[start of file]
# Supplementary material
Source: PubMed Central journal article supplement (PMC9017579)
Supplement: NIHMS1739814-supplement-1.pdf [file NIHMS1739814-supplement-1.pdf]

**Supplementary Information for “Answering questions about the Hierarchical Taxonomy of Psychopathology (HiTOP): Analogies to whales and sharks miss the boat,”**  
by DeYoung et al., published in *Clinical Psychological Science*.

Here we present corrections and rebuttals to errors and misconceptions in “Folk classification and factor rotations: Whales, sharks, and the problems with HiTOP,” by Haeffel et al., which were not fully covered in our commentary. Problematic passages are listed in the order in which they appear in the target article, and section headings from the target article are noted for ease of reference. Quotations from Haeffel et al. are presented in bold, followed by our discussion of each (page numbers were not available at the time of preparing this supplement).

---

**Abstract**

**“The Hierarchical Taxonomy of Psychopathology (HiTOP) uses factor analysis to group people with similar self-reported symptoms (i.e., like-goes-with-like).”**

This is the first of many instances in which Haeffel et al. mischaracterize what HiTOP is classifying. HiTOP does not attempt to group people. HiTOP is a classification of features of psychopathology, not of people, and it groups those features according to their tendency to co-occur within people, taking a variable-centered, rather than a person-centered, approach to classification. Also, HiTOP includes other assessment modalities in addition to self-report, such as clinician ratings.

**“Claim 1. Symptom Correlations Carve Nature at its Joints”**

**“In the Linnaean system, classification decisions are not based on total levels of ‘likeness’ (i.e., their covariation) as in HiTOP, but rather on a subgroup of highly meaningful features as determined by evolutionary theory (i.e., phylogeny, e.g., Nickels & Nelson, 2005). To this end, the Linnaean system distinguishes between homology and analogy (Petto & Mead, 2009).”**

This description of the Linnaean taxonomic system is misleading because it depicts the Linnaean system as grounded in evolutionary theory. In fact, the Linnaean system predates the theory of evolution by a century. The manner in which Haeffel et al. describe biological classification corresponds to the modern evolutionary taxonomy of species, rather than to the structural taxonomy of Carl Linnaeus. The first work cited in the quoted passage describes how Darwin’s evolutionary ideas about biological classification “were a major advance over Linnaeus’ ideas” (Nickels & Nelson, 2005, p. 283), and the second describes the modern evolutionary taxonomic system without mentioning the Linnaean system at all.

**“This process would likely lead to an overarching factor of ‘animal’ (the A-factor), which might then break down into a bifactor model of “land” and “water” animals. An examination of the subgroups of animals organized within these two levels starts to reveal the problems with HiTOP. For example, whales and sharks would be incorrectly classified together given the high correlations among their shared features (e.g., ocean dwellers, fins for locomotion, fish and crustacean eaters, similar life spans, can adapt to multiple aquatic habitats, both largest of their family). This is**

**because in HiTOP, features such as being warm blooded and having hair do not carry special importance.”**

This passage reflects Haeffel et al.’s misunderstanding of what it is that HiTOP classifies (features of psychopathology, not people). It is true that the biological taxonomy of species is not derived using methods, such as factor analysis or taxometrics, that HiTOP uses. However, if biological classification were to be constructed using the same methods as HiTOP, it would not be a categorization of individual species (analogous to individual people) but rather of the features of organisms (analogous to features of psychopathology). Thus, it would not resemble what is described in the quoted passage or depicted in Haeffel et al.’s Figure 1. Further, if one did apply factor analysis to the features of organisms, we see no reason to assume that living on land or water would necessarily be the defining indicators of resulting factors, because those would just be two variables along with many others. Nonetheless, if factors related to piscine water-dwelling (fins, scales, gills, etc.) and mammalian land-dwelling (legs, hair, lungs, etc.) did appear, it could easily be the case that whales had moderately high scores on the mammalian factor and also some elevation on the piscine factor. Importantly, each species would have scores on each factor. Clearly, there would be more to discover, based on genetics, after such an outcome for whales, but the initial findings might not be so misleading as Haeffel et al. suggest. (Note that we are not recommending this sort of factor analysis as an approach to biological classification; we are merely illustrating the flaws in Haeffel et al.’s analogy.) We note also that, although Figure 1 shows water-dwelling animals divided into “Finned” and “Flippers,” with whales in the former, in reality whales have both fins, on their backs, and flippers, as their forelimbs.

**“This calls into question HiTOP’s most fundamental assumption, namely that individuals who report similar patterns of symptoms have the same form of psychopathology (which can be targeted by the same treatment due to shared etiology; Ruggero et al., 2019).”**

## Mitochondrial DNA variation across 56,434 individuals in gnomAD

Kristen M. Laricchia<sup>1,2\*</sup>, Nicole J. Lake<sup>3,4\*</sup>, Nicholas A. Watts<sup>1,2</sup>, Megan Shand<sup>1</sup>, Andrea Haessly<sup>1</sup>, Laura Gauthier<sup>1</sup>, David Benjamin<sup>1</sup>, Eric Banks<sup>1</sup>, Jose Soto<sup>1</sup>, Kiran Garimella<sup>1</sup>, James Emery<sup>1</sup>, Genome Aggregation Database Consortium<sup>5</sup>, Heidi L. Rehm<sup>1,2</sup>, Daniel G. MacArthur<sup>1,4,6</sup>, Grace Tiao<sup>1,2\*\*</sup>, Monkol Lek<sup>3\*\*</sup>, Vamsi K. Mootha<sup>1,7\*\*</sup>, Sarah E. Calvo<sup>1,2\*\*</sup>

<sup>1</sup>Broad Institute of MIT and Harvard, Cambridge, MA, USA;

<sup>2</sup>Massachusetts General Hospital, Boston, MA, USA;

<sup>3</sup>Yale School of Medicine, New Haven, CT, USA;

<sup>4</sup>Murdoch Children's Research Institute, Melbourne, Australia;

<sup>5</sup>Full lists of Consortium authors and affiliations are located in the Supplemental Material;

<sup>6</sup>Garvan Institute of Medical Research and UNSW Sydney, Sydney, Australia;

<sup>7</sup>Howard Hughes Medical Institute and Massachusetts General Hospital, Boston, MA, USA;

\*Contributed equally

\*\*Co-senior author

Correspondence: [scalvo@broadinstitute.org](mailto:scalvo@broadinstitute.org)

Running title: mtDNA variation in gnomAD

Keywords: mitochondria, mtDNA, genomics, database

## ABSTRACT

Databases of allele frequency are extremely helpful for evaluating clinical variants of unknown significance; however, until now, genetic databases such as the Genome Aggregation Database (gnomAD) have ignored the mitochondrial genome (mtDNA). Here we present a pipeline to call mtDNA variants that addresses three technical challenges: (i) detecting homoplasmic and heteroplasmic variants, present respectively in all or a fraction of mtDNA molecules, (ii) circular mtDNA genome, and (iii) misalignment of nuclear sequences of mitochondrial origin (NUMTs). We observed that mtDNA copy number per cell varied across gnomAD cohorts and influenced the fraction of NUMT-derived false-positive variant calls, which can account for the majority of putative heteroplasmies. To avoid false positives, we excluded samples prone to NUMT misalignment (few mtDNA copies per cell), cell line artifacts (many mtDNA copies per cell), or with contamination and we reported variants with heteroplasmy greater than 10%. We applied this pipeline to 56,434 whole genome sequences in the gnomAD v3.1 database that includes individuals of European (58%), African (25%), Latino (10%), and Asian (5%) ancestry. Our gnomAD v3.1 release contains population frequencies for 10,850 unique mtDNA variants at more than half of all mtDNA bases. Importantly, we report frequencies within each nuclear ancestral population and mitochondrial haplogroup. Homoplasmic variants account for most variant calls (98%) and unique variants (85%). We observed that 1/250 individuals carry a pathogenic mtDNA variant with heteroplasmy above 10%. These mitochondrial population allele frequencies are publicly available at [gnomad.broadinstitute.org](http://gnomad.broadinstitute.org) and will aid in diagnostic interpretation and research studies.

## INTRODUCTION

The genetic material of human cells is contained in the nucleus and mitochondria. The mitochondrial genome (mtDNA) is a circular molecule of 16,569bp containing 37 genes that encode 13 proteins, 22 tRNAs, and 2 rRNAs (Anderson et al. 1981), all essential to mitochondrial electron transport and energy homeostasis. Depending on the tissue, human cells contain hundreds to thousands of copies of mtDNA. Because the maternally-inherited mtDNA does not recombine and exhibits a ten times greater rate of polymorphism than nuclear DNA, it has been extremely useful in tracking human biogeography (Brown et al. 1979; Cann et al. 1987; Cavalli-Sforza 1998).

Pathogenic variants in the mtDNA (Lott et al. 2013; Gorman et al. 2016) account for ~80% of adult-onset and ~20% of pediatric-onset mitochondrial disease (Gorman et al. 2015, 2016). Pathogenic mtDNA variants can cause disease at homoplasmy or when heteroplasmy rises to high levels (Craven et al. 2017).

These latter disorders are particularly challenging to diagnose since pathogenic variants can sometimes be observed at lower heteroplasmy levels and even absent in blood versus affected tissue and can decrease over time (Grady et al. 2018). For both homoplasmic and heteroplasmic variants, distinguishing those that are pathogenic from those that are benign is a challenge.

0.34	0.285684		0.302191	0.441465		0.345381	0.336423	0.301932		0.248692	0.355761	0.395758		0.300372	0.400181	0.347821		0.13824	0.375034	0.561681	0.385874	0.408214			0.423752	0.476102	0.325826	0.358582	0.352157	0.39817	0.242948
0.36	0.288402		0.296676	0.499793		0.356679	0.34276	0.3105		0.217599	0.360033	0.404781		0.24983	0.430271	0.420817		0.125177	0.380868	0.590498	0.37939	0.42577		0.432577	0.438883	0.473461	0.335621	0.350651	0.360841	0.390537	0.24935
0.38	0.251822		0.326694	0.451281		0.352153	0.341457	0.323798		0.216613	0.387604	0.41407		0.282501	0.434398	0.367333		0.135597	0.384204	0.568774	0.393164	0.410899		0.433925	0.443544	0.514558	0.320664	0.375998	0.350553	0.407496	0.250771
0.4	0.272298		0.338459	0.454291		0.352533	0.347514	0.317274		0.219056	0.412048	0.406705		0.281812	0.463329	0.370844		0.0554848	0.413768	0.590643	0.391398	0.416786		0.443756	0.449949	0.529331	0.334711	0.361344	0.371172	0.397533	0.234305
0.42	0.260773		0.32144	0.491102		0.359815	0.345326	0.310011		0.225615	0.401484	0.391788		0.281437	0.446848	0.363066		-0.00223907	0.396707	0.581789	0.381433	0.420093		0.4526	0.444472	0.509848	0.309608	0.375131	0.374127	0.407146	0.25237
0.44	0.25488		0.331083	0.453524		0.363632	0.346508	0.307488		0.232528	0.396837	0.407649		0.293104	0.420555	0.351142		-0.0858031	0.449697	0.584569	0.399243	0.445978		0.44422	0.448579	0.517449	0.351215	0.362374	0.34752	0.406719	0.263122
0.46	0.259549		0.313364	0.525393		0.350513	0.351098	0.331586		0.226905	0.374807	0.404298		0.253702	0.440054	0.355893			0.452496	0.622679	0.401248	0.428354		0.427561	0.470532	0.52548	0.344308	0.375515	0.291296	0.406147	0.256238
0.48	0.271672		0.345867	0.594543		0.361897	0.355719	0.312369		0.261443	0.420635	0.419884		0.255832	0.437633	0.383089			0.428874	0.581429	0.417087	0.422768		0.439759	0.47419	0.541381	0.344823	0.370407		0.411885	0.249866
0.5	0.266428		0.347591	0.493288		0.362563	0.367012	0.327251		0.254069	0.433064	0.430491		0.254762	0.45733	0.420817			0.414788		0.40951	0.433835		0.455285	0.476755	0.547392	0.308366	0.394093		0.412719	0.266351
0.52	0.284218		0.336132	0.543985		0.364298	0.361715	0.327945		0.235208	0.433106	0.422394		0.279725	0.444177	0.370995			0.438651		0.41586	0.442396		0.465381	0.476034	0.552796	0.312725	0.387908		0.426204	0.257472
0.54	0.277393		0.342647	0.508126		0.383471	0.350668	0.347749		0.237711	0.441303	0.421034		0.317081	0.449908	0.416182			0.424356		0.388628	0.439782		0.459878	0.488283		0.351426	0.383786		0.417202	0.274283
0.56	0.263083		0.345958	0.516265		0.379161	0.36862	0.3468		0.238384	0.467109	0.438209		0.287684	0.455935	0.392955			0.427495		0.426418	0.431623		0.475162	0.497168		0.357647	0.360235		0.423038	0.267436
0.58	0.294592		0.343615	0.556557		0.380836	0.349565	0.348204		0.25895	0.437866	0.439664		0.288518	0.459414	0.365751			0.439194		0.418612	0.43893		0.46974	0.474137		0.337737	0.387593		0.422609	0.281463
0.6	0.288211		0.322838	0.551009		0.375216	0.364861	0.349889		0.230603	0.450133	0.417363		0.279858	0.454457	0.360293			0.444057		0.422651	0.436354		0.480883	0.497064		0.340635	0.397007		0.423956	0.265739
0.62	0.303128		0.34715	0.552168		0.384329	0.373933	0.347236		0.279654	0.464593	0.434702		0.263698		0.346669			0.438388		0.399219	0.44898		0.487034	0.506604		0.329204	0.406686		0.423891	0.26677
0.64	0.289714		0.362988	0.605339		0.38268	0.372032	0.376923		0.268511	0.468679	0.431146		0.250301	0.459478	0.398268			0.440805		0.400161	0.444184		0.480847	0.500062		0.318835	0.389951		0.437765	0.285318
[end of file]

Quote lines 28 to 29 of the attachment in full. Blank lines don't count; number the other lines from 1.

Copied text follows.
\*\*Co-senior author

Correspondence: [scalvo@broadinstitute.org](mailto:scalvo@broadinstitute.org)